337 At a strategic level, political hesitancy prevented the most effective deployment of air, land and sea forces. The lessons of this failure must also be learned and applied before the next crisis. NATO was being deployed in Kosovo for a type of warfighting for which it was not designed. Efforts have been made to streamline its command and control structures, but they still proved cumbersome, too slow to react to or anticipate the responses of an adversary in a highly-politicised and fast-changing environment. Much effort is being devoted to increasing the manoeuvrability of NATO forces, for example by reducing the 'sensor-to-shooter' timescale for precision guided weapons and by developing a 'real-time' knowledge of an adversary's operations. These changes will be of little value if the politician-to-commander timescale for decision making is not also improved.

The Future

338 Finally, we asked how decision makers, particularly in the MoD, could best assess the military risks and benefits of any future intervention of choice that might be contemplated, before committing the UK to military action.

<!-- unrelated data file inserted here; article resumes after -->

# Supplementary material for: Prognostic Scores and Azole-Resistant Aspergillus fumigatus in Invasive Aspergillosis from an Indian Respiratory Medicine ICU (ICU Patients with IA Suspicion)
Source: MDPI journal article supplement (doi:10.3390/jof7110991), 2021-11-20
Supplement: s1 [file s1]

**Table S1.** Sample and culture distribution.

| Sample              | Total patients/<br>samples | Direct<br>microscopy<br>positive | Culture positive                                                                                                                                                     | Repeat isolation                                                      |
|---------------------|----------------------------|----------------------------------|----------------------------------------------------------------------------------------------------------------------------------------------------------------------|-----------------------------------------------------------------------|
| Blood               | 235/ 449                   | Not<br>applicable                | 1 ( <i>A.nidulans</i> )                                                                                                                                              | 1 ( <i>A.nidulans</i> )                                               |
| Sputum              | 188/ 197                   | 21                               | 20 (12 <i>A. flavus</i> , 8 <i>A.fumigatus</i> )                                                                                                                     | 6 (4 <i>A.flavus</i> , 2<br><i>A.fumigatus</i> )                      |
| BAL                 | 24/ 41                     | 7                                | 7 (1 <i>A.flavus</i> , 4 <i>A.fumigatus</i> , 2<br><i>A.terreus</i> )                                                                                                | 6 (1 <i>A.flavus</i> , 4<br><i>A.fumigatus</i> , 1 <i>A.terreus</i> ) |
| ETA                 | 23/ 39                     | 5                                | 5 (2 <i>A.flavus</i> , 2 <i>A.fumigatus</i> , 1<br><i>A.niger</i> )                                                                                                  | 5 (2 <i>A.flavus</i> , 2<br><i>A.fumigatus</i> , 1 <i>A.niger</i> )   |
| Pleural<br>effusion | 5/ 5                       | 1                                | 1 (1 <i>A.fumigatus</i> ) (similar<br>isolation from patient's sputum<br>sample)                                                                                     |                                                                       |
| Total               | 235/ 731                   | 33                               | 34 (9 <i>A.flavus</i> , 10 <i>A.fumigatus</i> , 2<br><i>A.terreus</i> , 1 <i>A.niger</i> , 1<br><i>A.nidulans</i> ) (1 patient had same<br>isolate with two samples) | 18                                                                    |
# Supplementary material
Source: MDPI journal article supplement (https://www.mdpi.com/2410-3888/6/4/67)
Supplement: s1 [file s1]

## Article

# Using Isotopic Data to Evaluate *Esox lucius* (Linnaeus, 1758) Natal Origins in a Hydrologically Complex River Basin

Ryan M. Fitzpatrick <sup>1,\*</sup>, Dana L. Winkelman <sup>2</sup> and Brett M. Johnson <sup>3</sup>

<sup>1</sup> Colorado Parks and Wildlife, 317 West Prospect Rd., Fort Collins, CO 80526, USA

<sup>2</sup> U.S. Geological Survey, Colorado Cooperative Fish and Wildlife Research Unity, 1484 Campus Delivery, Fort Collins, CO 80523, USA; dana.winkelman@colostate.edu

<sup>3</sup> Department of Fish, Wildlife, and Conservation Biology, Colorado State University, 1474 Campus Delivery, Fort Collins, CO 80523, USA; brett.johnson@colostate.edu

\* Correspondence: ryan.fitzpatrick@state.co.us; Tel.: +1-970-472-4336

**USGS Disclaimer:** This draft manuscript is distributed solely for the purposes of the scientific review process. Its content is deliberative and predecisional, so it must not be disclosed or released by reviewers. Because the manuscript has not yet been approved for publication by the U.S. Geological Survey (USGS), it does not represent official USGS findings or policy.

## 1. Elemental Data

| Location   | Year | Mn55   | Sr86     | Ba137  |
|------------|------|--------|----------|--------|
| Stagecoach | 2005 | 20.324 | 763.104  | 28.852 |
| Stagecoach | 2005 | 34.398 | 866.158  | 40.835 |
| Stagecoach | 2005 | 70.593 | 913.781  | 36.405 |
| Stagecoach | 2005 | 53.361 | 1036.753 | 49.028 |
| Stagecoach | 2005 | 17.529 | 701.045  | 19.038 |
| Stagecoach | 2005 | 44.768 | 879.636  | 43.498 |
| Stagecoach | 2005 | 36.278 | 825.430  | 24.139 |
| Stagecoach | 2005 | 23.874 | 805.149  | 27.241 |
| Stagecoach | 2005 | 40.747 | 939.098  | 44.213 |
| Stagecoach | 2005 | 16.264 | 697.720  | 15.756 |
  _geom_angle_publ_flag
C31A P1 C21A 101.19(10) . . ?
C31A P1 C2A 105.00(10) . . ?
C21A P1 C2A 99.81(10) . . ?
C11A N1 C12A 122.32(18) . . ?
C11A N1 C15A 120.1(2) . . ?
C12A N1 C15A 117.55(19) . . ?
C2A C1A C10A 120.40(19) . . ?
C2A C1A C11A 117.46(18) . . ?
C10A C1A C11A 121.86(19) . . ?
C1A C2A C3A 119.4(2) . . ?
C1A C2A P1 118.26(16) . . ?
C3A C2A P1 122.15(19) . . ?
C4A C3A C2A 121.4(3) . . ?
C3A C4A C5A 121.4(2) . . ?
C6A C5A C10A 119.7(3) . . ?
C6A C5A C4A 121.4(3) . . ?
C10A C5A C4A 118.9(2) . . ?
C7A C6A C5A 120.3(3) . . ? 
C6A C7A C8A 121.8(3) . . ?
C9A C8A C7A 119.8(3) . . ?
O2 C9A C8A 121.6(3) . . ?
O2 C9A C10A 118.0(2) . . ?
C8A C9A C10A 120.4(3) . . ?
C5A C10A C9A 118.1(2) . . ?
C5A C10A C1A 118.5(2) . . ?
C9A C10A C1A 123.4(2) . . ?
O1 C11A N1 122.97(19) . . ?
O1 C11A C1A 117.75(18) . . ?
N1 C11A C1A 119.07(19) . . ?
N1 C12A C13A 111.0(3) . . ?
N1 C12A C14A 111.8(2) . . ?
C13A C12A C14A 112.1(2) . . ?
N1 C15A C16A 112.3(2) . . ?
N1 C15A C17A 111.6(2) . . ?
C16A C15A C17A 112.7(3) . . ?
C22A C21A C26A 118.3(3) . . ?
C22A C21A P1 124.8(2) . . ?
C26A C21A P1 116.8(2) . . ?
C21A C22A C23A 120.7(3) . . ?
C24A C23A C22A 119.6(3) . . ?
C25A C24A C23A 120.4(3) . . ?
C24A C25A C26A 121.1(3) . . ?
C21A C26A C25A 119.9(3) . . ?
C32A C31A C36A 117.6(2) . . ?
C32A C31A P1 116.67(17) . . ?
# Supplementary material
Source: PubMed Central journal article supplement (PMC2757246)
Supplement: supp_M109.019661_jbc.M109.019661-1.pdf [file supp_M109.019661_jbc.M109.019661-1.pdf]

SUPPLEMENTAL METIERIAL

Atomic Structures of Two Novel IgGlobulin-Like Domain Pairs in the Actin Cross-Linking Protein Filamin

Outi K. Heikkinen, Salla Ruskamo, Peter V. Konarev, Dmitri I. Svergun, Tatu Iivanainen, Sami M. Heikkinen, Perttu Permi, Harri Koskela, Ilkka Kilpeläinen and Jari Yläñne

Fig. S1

339 The world's most powerful military Alliance found that the task of persuading Milosevic to desist from his abuses of human rights was far more difficult than was anticipated before it committed itself to the chain of decisions that ultimately led to the military action in Kosovo last year.

340 Kosovo has, fortunately, dispelled the illusion that NATO is an instrument that can readily be used in a precise and discriminating way to support diplomacy. Military conflict, it reminded us, is messy, dangerous and not wholly predictable. Politicians will, we hope, face up to some of its less palatable lessons, as well as breathing a sigh of relief over achieving a measure of military success without paying too great a political price. Those lessons should include a realisation that the use of military means to manage crises cannot always be approached wearing velvet gloves—either they must be determined and prepared to do a job properly or be able to decide not to do it at all.